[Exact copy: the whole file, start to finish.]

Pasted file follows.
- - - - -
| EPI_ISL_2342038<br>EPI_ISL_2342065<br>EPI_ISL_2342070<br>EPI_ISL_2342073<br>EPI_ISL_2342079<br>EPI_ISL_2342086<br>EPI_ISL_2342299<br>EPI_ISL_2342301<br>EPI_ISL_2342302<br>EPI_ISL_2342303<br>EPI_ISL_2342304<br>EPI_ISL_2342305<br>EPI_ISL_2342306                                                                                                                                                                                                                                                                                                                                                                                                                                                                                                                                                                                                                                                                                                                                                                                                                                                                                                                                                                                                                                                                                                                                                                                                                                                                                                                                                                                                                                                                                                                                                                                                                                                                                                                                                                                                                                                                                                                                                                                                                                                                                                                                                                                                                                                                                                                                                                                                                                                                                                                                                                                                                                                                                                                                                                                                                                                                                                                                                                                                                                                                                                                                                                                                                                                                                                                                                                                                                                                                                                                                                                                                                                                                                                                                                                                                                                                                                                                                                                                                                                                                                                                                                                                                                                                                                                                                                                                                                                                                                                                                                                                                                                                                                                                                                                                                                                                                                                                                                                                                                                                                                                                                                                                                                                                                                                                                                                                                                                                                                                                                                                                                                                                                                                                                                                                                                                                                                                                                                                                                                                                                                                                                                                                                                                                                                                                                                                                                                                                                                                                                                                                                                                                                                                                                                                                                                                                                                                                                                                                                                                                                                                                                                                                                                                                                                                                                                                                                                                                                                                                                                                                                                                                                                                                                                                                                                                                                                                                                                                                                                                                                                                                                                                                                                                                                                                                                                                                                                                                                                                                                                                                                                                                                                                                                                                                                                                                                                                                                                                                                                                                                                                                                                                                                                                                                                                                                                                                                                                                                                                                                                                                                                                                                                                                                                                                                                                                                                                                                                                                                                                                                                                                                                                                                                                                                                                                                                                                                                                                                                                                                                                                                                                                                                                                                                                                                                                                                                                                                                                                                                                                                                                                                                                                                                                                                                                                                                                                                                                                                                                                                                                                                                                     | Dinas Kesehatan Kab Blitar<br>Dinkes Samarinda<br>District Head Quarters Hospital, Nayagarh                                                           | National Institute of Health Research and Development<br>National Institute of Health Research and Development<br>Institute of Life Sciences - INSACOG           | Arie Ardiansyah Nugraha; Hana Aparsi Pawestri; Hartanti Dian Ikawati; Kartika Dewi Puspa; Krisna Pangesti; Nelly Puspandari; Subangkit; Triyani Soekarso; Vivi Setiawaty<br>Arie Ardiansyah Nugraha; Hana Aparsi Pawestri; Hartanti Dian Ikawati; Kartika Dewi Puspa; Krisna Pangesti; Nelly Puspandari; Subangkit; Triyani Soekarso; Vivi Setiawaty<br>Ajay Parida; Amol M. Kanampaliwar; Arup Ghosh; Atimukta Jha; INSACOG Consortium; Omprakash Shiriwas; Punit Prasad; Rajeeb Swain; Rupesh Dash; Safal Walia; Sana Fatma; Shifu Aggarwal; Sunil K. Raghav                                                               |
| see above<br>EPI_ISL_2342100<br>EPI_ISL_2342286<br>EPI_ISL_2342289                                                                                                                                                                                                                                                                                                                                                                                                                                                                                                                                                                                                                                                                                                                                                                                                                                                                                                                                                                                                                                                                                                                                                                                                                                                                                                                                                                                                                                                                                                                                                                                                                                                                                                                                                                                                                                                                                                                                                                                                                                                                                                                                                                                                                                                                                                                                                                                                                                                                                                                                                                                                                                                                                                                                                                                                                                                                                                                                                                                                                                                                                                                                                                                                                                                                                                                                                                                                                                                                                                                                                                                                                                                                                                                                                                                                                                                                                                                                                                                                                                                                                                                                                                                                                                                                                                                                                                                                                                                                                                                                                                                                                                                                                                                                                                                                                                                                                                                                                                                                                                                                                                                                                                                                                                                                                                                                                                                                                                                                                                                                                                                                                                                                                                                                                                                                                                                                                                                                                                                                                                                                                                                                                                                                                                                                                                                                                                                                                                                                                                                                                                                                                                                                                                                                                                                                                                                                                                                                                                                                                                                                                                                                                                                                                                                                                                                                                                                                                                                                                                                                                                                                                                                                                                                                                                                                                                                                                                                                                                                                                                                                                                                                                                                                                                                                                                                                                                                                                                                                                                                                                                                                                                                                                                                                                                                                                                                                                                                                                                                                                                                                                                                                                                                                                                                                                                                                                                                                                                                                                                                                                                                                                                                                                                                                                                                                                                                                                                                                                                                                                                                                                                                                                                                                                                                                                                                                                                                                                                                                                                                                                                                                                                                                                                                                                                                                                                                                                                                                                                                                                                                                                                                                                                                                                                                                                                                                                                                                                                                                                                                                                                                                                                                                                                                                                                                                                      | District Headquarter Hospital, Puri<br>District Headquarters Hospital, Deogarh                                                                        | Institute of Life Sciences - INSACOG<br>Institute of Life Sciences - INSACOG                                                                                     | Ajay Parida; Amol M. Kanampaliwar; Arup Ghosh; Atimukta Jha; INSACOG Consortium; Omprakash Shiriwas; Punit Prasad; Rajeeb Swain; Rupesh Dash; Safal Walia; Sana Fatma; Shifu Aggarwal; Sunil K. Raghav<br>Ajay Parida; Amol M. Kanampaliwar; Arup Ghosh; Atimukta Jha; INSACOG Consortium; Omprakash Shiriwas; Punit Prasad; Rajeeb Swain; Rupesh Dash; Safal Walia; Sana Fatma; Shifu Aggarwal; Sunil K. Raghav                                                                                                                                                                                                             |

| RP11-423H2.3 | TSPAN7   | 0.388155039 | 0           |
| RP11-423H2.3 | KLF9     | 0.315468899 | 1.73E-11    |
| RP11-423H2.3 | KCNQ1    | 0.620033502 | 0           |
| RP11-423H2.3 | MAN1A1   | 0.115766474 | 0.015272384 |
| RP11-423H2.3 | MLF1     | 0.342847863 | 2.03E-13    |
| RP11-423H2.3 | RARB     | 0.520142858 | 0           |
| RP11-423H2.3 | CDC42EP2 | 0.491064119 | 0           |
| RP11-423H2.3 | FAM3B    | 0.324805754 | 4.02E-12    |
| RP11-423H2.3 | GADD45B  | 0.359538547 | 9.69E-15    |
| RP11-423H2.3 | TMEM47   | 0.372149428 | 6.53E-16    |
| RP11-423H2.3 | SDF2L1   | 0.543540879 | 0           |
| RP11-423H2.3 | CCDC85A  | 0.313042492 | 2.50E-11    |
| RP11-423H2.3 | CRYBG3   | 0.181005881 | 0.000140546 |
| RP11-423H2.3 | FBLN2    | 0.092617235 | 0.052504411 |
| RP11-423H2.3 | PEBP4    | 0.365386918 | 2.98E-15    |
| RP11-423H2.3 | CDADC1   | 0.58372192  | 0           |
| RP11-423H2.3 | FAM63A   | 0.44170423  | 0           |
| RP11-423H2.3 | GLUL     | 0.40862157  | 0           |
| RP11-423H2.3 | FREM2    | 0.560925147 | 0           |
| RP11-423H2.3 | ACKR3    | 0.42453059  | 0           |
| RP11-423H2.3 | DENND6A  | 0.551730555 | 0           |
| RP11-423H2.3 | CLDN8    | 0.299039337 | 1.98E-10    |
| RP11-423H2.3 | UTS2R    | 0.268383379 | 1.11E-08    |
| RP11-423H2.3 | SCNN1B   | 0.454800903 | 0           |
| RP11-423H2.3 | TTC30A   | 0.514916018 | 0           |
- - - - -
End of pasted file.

| EPI_ISL_2342038<br>EPI_ISL_2342065<br>EPI_ISL_2342070<br>EPI_ISL_2342073<br>EPI_ISL_2342079<br>EPI_ISL_2342086<br>EPI_ISL_2342299<br>EPI_ISL_2342301<br>EPI_ISL_2342302<br>EPI_ISL_2342303<br>EPI_ISL_2342304<br>EPI_ISL_2342305<br>EPI_ISL_2342306                                                                                                                                                                                                                                                                                                                                                                                                                                                                                                                                                                                                                                                                                                                                                                                                                                                                                                                                                                                                                                                                                                                                                                                                                                                                                                                                                                                                                                                                                                                                                                                                                                                                                                                                                                                                                                                                                                                                                                                                                                                                                                                                                                                                                                                                                                                                                                                                                                                                                                                                                                                                                                                                                                                                                                                                                                                                                                                                                                                                                                                                                                                                                                                                                                                                                                                                                                                                                                                                                                                                                                                                                                                                                                                                                                                                                                                                                                                                                                                                                                                                                                                                                                                                                                                                                                                                                                                                                                                                                                                                                                                                                                                                                                                                                                                                                                                                                                                                                                                                                                                                                                                                                                                                                                                                                                                                                                                                                                                                                                                                                                                                                                                                                                                                                                                                                                                                                                                                                                                                                                                                                                                                                                                                                                                                                                                                                                                                                                                                                                                                                                                                                                                                                                                                                                                                                                                                                                                                                                                                                                                                                                                                                                                                                                                                                                                                                                                                                                                                                                                                                                                                                                                                                                                                                                                                                                                                                                                                                                                                                                                                                                                                                                                                                                                                                                                                                                                                                                                                                                                                                                                                                                                                                                                                                                                                                                                                                                                                                                                                                                                                                                                                                                                                                                                                                                                                                                                                                                                                                                                                                                                                                                                                                                                                                                                                                                                                                                                                                                                                                                                                                                                                                                                                                                                                                                                                                                                                                                                                                                                                                                                                                                                                                                                                                                                                                                                                                                                                                                                                                                                                                                                                                                                                                                                                                                                                                                                                                                                                                                                                                                                                                                     | Dinas Kesehatan Kab Blitar<br>Dinkes Samarinda<br>District Head Quarters Hospital, Nayagarh                                                           | National Institute of Health Research and Development<br>National Institute of Health Research and Development<br>Institute of Life Sciences - INSACOG           | Arie Ardiansyah Nugraha; Hana Aparsi Pawestri; Hartanti Dian Ikawati; Kartika Dewi Puspa; Krisna Pangesti; Nelly Puspandari; Subangkit; Triyani Soekarso; Vivi Setiawaty<br>Arie Ardiansyah Nugraha; Hana Aparsi Pawestri; Hartanti Dian Ikawati; Kartika Dewi Puspa; Krisna Pangesti; Nelly Puspandari; Subangkit; Triyani Soekarso; Vivi Setiawaty<br>Ajay Parida; Amol M. Kanampaliwar; Arup Ghosh; Atimukta Jha; INSACOG Consortium; Omprakash Shiriwas; Punit Prasad; Rajeeb Swain; Rupesh Dash; Safal Walia; Sana Fatma; Shifu Aggarwal; Sunil K. Raghav                                                               |
| see above<br>EPI_ISL_2342100<br>EPI_ISL_2342286<br>EPI_ISL_2342289                                                                                                                                                                                                                                                                                                                                                                                                                                                                                                                                                                                                                                                                                                                                                                                                                                                                                                                                                                                                                                                                                                                                                                                                                                                                                                                                                                                                                                                                                                                                                                                                                                                                                                                                                                                                                                                                                                                                                                                                                                                                                                                                                                                                                                                                                                                                                                                                                                                                                                                                                                                                                                                                                                                                                                                                                                                                                                                                                                                                                                                                                                                                                                                                                                                                                                                                                                                                                                                                                                                                                                                                                                                                                                                                                                                                                                                                                                                                                                                                                                                                                                                                                                                                                                                                                                                                                                                                                                                                                                                                                                                                                                                                                                                                                                                                                                                                                                                                                                                                                                                                                                                                                                                                                                                                                                                                                                                                                                                                                                                                                                                                                                                                                                                                                                                                                                                                                                                                                                                                                                                                                                                                                                                                                                                                                                                                                                                                                                                                                                                                                                                                                                                                                                                                                                                                                                                                                                                                                                                                                                                                                                                                                                                                                                                                                                                                                                                                                                                                                                                                                                                                                                                                                                                                                                                                                                                                                                                                                                                                                                                                                                                                                                                                                                                                                                                                                                                                                                                                                                                                                                                                                                                                                                                                                                                                                                                                                                                                                                                                                                                                                                                                                                                                                                                                                                                                                                                                                                                                                                                                                                                                                                                                                                                                                                                                                                                                                                                                                                                                                                                                                                                                                                                                                                                                                                                                                                                                                                                                                                                                                                                                                                                                                                                                                                                                                                                                                                                                                                                                                                                                                                                                                                                                                                                                                                                                                                                                                                                                                                                                                                                                                                                                                                                                                                                                                      | District Headquarter Hospital, Puri<br>District Headquarters Hospital, Deogarh                                                                        | Institute of Life Sciences - INSACOG<br>Institute of Life Sciences - INSACOG                                                                                     | Ajay Parida; Amol M. Kanampaliwar; Arup Ghosh; Atimukta Jha; INSACOG Consortium; Omprakash Shiriwas; Punit Prasad; Rajeeb Swain; Rupesh Dash; Safal Walia; Sana Fatma; Shifu Aggarwal; Sunil K. Raghav<br>Ajay Parida; Amol M. Kanampaliwar; Arup Ghosh; Atimukta Jha; INSACOG Consortium; Omprakash Shiriwas; Punit Prasad; Rajeeb Swain; Rupesh Dash; Safal Walia; Sana Fatma; Shifu Aggarwal; Sunil K. Raghav                                                                                                                                                                                                             |

| RP11-423H2.3 | TSPAN7   | 0.388155039 | 0           |
| RP11-423H2.3 | KLF9     | 0.315468899 | 1.73E-11    |
| RP11-423H2.3 | KCNQ1    | 0.620033502 | 0           |
| RP11-423H2.3 | MAN1A1   | 0.115766474 | 0.015272384 |
| RP11-423H2.3 | MLF1     | 0.342847863 | 2.03E-13    |
| RP11-423H2.3 | RARB     | 0.520142858 | 0           |
| RP11-423H2.3 | CDC42EP2 | 0.491064119 | 0           |
| RP11-423H2.3 | FAM3B    | 0.324805754 | 4.02E-12    |
| RP11-423H2.3 | GADD45B  | 0.359538547 | 9.69E-15    |
| RP11-423H2.3 | TMEM47   | 0.372149428 | 6.53E-16    |
| RP11-423H2.3 | SDF2L1   | 0.543540879 | 0           |
| RP11-423H2.3 | CCDC85A  | 0.313042492 | 2.50E-11    |
| RP11-423H2.3 | CRYBG3   | 0.181005881 | 0.000140546 |
| RP11-423H2.3 | FBLN2    | 0.092617235 | 0.052504411 |
| RP11-423H2.3 | PEBP4    | 0.365386918 | 2.98E-15    |
| RP11-423H2.3 | CDADC1   | 0.58372192  | 0           |
| RP11-423H2.3 | FAM63A   | 0.44170423  | 0           |
| RP11-423H2.3 | GLUL     | 0.40862157  | 0           |
| RP11-423H2.3 | FREM2    | 0.560925147 | 0           |
| RP11-423H2.3 | ACKR3    | 0.42453059  | 0           |
| RP11-423H2.3 | DENND6A  | 0.551730555 | 0           |
| RP11-423H2.3 | CLDN8    | 0.299039337 | 1.98E-10    |
| RP11-423H2.3 | UTS2R    | 0.268383379 | 1.11E-08    |
| RP11-423H2.3 | SCNN1B   | 0.454800903 | 0           |
| RP11-423H2.3 | TTC30A   | 0.514916018 | 0           |